9 secrets pilots wish their passengers knew

We all have secrets. You might know that Sheila from accounts only pretends to like her boyfriend's kids - fortunately, keeping that to yourself isn't really going to do much damage.

Pilots, on the other hand, have secrets, too - and we can all benefit from hearing about them.

Some pilots took to Whisper to share their secrets, and here’s what you can learn.

1. Pilots get as excited as we do

I’m a pilot and I still think to myself every take-off: WHEEEEE!! It never gets old.

2. And as scared

I’m a pilot and I have an intense fear of heights. Anything is possible if you put your mind to it.

3. They’re not always what they say they are

I’m a pilot for a major Canadian airline. I’ll occasionally announce to passengers that this is my first flight since getting my license to with me luck.

Pilots have also confessed to Reader’s Digest, and revealed a few interesting titbits.

4. Lightening isn’t that big of a deal

I’ve been struck by lightening twice. Most pilots have. Airplanes are built to take it. You hear a big boom and see a big flash and that's it. You're not going to fall out of the sky.

5. Regional airlines aren’t quite the same

The regionals aren't held to the same safety standards as the majors: Their pilots aren't required to have as much training and experience, and the public doesn't know that.

6. Sometimes, planes don’t have enough fuel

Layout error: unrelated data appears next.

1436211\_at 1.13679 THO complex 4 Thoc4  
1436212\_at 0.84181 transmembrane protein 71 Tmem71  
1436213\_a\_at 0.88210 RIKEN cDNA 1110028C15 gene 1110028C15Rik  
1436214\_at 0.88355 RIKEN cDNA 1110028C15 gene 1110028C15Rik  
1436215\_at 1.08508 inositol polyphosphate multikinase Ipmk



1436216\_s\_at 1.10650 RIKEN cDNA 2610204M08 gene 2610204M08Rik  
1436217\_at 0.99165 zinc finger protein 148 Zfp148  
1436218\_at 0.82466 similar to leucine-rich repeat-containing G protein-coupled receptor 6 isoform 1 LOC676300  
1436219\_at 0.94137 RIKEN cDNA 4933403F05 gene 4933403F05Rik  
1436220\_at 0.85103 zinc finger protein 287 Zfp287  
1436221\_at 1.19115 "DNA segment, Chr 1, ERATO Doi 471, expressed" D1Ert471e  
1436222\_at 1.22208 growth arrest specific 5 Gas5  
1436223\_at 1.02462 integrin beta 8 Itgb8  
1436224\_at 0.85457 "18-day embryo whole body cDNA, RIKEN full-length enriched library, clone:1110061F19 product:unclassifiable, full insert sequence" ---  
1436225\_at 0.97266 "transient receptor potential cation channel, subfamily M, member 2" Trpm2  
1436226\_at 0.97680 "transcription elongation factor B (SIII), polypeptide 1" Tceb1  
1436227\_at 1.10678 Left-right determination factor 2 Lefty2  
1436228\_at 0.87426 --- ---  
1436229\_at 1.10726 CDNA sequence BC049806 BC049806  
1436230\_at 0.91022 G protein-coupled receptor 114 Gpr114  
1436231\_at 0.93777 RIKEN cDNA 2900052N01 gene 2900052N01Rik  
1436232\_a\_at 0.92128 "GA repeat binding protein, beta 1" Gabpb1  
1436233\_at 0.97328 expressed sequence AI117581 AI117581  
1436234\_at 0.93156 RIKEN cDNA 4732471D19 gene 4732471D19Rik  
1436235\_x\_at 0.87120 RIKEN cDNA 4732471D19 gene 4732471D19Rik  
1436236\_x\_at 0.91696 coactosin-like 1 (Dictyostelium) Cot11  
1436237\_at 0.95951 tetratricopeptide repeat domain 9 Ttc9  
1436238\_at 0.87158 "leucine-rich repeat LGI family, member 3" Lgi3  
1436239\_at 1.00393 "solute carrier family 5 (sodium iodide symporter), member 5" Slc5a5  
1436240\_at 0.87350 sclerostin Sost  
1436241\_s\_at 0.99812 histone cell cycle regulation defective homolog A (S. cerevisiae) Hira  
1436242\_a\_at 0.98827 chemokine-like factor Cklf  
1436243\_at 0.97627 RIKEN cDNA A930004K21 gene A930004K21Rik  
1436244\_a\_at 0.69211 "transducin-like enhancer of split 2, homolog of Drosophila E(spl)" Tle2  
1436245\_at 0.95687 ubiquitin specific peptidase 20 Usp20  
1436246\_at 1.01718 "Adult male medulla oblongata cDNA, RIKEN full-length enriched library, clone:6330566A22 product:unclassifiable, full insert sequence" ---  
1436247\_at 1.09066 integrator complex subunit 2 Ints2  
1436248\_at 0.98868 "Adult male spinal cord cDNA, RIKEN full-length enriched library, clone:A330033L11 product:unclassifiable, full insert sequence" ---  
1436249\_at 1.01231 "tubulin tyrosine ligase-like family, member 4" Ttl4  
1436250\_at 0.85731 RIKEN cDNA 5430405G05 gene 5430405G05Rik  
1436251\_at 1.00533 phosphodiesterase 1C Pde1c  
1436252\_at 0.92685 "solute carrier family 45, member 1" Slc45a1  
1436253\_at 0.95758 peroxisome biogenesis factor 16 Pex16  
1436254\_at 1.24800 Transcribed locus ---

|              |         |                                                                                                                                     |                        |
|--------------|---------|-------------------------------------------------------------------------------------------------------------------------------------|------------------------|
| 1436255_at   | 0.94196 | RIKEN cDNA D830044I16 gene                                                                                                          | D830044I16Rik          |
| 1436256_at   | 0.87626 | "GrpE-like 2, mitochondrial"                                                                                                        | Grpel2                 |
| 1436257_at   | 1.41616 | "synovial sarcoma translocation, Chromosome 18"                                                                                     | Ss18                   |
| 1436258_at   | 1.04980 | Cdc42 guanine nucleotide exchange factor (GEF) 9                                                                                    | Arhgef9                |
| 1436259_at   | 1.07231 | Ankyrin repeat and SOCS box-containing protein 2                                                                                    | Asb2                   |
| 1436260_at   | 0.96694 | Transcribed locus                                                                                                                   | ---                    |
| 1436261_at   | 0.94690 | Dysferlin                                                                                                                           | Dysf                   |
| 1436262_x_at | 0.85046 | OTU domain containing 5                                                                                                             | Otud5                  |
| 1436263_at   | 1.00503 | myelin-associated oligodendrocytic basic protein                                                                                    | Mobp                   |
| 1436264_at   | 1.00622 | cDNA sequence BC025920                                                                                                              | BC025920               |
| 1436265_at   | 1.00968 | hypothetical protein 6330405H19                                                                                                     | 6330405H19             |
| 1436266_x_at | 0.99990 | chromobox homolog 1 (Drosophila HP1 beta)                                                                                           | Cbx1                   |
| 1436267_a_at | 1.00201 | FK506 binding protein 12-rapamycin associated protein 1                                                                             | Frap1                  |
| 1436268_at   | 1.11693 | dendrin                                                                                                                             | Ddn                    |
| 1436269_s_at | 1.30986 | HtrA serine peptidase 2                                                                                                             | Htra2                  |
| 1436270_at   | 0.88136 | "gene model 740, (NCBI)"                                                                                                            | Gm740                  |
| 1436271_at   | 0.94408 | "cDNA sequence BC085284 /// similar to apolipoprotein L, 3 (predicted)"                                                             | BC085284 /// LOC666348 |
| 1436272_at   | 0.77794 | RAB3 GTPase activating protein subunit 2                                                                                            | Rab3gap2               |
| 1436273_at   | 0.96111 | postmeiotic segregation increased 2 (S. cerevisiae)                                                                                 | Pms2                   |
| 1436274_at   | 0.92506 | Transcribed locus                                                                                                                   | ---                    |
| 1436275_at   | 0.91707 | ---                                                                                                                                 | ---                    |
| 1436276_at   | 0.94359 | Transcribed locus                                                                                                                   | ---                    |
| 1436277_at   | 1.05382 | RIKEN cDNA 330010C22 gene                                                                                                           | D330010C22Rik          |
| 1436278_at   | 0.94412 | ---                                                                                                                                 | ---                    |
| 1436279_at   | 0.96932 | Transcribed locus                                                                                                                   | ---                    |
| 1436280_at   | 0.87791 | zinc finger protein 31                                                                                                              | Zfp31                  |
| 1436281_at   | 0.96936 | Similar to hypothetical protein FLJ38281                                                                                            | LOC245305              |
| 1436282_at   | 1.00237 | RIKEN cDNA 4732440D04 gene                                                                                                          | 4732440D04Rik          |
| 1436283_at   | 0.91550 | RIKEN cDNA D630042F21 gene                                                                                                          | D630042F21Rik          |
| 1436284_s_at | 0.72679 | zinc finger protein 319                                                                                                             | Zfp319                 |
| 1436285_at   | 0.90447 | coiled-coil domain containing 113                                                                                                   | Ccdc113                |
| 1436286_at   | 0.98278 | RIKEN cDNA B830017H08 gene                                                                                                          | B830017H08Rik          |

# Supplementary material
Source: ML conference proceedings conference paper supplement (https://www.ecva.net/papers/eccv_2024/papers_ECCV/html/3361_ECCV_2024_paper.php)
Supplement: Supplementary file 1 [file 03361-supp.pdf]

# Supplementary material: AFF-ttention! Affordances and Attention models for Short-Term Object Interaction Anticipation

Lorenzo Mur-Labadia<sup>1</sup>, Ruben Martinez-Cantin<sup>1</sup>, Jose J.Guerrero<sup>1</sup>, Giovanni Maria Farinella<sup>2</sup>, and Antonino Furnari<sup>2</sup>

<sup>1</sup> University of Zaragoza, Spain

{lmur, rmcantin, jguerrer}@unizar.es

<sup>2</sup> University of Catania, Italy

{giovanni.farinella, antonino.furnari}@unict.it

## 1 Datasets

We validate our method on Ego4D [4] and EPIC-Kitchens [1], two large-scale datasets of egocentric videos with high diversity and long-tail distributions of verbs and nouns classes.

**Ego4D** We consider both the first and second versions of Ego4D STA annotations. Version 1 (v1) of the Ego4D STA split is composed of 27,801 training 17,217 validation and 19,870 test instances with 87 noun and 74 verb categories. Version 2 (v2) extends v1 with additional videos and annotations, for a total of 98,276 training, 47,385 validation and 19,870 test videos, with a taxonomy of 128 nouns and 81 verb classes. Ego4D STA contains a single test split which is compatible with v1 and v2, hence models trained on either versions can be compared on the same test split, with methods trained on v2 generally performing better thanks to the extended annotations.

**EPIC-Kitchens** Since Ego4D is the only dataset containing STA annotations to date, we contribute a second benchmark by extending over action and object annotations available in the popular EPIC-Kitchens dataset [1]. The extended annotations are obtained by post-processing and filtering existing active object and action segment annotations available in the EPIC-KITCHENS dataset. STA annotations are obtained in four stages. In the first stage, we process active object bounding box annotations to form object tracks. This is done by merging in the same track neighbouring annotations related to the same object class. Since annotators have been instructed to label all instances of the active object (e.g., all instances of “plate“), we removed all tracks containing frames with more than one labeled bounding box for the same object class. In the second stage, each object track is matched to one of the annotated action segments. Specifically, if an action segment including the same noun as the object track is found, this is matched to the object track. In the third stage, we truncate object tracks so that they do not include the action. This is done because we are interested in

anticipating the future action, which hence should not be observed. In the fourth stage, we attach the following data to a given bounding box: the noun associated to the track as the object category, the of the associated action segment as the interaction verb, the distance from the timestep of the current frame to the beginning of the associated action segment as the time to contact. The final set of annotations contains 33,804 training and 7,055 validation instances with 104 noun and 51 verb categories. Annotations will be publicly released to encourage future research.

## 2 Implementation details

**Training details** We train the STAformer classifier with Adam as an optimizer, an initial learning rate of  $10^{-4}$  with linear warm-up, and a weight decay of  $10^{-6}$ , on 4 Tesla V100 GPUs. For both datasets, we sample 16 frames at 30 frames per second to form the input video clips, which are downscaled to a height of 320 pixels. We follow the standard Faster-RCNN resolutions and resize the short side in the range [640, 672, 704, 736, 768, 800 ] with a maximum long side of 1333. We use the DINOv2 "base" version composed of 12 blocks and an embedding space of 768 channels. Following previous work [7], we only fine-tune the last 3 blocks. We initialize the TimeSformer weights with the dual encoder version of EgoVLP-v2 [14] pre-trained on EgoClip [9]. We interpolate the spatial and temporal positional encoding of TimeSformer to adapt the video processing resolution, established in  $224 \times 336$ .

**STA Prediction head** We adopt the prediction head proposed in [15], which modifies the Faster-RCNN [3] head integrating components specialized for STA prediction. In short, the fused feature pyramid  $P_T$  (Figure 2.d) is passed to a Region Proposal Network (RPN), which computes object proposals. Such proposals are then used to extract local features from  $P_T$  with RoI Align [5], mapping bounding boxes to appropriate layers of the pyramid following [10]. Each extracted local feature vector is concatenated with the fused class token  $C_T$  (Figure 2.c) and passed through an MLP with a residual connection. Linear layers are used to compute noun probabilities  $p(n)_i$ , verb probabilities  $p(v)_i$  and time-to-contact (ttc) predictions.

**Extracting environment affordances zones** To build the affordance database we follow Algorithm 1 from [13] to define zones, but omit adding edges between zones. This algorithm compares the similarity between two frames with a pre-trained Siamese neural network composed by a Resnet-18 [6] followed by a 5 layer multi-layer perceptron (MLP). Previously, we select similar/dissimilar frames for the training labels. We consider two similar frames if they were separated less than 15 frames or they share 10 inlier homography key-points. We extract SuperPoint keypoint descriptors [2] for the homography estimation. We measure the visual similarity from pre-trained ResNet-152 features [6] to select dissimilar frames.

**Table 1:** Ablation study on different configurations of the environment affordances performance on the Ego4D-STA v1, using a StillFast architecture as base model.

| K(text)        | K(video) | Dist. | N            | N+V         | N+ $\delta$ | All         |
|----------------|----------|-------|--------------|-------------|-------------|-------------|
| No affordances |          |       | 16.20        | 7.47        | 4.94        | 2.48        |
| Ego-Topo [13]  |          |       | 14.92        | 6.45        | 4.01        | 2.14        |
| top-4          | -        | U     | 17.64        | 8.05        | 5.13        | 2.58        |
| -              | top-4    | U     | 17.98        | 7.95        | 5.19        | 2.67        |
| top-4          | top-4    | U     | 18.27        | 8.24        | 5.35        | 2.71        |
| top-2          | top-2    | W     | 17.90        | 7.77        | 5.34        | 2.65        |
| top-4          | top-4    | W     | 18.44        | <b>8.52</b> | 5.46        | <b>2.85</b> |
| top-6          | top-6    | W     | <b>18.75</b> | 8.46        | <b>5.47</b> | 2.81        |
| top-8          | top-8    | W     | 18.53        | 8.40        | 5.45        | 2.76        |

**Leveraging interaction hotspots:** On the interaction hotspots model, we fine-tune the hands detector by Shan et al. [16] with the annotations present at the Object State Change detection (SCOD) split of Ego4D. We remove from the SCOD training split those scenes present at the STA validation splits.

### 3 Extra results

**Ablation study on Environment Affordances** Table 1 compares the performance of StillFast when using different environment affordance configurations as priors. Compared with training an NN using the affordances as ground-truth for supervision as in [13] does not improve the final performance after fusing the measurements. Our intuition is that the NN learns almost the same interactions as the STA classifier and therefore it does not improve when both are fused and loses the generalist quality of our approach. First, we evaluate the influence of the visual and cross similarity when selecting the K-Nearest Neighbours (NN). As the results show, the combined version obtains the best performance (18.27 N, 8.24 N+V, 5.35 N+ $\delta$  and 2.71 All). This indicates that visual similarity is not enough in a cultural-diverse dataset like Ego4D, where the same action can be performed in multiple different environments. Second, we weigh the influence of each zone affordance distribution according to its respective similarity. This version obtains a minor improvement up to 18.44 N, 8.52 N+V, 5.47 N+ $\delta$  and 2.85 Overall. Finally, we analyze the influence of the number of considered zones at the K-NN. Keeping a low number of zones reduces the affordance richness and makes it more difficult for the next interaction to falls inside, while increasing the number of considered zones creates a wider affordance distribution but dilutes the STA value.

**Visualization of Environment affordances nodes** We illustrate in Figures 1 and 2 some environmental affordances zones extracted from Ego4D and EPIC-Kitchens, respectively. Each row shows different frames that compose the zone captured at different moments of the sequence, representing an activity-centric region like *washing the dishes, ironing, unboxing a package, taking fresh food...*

I'm constantly under pressure to carry less fuel than I'm comfortable with. Airlines are always looking at the bottom line, and you burn fuel carrying fuel. Sometimes if you carry just enough fuel and you hit thunderstorms or delays, then suddenly you're running out of gas and you have to go to an alternate airport.

7. There’s only one type of landing

There's no such thing as a water landing. It's called crashing into the ocean.

And some other pilots took to Quora to spill the beans.

8. Pilots sleep a lot. On the job.

Pilots are sleeping most of the time. What I can say for sure is that on longer flights pilots are often required to sleep. There will be a relief crew onboard and when one crew is asleep in the rest area, the other is flying.

9. Oxygen masks don't last very long

There's only about 15 minutes of oxygen per passenger. (Newer planes have more.) An emergency descent to a breathable altitude should only take about 5 minutes, though.

Keep reading...Show less
Please log in or register to upvote this article
The Conversation (0)